My Rating - 3 Neps
Also available on Genesis and Windows
During the 16-bit era, platformers - especially mascot platformers - were a dime a dozen. Mario was a juggernaut, Sonic was gobbling up market share at a speed matching his gameplay, and everyone else wanted a piece of the action. Enter Bubsy the Bobcat, Accolade’s attempt to cash in on the fad. Now Bubsy isn’t as bad as, say, Awesome Possum, but he’s definitely a B-tier gaming mascot.
Sonic’s influence on Bubsy is obvious almost to the point where Bubsy is more copying Sonic than inspired by Sonic. Like Sonic, Bubsy builds momentum as he runs and gets a jump boost from landing on enemies. Like Sonic, the level end marker is a spinning marker of Bubsy’s face. Like Sonic, the bosses are enemies in flying contraptions that you have to jump on to damage. To be fair, those are the best things to copy from Sonic; they’re what gave Sonic a distinct and unique style of platforming gameplay and kept him from being a clone of Mario. Unfortunately for Bubsy, there wasn’t any real innovation. The major difference from Sonic that I noticed are pretty much all negatives.
My biggest issue with Bubsy and something that I think just has no place in a 2D platformer is falling damage. In Sonic games, if you fall from a high platform down to ground level, whatever, just keep running. In Bubsy, you’re dead. In Sonic, if you run super fast and hit a wall, whatever, just jump and keep going. In Bubsy, you get stunned and stand around dazed for a few seconds. These are not deal-breakers per se, but I can’t see how they could add anything fun to a speed-based platformer with enormously vertical stages. My other problem with Bubsy is the controls. It felt too slick, and his momentum was hard to get a feel for and control. It constantly felt almost like I was playing on an ice level but for the entirety of the game. Unlike the falling damage and collision stun, this actually does kind of ruin the whole game for me as controls are pretty much the most integral part of a gameplay experience. Screw up the controls, and your whole game suffers for it.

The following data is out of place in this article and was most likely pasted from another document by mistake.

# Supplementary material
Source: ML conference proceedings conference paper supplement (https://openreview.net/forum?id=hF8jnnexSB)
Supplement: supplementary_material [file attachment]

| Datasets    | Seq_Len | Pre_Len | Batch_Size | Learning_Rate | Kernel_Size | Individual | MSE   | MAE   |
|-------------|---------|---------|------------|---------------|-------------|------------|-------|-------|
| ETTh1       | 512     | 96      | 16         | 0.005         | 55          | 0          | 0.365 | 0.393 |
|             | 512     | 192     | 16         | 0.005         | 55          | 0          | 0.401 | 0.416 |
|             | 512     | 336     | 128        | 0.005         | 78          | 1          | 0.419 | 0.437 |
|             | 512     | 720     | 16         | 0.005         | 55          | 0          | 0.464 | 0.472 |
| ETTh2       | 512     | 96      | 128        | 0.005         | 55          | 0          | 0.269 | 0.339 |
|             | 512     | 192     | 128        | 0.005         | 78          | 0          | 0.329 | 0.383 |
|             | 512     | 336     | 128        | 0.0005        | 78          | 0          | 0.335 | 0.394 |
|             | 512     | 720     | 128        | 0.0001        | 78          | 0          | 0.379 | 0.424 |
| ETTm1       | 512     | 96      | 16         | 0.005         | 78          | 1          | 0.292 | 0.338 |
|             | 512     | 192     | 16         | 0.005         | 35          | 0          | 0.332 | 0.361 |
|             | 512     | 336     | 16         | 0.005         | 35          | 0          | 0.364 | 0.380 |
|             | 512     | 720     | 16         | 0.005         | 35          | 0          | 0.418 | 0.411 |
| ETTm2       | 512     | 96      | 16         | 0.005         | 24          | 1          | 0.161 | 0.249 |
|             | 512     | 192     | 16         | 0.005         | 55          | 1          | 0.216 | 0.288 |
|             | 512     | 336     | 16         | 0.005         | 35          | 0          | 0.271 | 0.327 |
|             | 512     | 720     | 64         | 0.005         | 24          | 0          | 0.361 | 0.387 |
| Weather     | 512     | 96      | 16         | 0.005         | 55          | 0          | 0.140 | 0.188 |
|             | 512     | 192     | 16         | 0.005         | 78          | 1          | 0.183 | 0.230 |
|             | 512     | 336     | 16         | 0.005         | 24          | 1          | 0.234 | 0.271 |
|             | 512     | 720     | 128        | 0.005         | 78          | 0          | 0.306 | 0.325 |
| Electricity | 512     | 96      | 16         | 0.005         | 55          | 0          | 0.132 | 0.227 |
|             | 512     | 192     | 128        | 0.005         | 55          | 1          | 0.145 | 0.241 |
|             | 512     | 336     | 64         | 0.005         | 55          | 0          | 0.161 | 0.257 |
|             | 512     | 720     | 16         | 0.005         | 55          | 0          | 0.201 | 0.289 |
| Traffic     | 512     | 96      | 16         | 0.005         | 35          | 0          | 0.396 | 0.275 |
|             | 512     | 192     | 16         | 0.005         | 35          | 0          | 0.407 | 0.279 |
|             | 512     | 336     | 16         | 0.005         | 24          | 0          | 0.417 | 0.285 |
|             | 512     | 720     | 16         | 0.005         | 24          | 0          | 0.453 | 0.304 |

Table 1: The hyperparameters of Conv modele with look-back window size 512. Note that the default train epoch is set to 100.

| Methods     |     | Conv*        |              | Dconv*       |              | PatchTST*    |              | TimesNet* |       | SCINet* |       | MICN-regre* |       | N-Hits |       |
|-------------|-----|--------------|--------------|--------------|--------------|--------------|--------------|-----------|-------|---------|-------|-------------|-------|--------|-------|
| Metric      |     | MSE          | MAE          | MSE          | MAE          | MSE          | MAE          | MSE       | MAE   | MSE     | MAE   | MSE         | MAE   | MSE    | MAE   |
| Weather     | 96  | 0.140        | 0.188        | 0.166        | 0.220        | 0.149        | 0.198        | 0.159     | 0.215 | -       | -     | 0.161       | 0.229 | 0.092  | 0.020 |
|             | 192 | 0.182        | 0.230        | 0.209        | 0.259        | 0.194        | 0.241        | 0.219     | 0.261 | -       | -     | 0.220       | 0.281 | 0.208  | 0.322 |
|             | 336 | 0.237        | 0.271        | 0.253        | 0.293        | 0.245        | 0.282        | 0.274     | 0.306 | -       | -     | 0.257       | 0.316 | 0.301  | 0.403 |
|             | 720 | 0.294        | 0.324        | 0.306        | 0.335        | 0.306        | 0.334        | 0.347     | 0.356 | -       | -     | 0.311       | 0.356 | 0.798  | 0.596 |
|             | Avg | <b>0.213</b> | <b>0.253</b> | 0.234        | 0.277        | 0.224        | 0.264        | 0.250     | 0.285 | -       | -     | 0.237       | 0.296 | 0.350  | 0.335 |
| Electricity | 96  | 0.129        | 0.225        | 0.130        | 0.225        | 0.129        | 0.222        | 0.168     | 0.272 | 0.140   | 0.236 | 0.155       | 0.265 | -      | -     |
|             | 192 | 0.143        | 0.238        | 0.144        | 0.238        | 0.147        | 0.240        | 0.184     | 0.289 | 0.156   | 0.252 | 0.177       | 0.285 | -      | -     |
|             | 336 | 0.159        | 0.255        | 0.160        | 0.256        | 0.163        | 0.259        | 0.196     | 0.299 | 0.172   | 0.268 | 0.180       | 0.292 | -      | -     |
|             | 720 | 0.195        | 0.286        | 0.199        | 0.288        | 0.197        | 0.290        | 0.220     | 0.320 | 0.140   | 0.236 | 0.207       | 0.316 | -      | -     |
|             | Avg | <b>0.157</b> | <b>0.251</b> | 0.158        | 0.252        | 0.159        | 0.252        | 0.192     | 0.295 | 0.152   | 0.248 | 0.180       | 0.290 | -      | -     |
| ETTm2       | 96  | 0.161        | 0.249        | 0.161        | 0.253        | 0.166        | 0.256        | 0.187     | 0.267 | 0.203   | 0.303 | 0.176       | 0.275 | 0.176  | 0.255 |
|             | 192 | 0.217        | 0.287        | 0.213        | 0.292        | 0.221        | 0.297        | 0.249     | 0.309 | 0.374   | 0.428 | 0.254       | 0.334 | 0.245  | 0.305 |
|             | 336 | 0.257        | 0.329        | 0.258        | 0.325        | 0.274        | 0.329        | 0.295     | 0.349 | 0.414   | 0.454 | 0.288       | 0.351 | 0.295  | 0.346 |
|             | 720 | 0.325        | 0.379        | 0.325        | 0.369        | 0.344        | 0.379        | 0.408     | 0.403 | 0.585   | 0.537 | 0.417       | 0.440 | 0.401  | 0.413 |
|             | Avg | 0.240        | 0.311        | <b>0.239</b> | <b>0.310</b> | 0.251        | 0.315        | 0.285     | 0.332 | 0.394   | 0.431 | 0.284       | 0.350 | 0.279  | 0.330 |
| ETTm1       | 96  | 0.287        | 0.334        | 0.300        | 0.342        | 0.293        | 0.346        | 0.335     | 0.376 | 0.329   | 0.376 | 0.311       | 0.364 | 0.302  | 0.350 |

It’s a shame that Bubsy: Claws Encountered of the Furred Kind is such a deeply flawed game at the mechanic level because there’s a lot of potential here. Buried beneath the flaws and poor design choices is a likeable (and uniquely 90s) character and a competent platformer. I like Bubsy’s personality. I like his spunk. I like the whole premise of the game - a cat not saving the world from aliens but just the world’s yarn ball supply - is a stupid juxtaposition to its obvious and much more punk-feeling influence, Sonic. The character is absolutely fine, but the game sucks, and that’s just something that no amount of spunk or silly humor can fix. I haven’t played any of the other releases in the series (and I’m shocked it had a whole series), but there’s just nothing worth recommending in this entry.
My Rating - 2 Neps
I'm a teacher.
And I like to play video games. I like to collect video games. I like to talk about video games, and I like to write about video games. During the day, I teach high school history; during the night, I spend my spare time gaming. Then I write about it.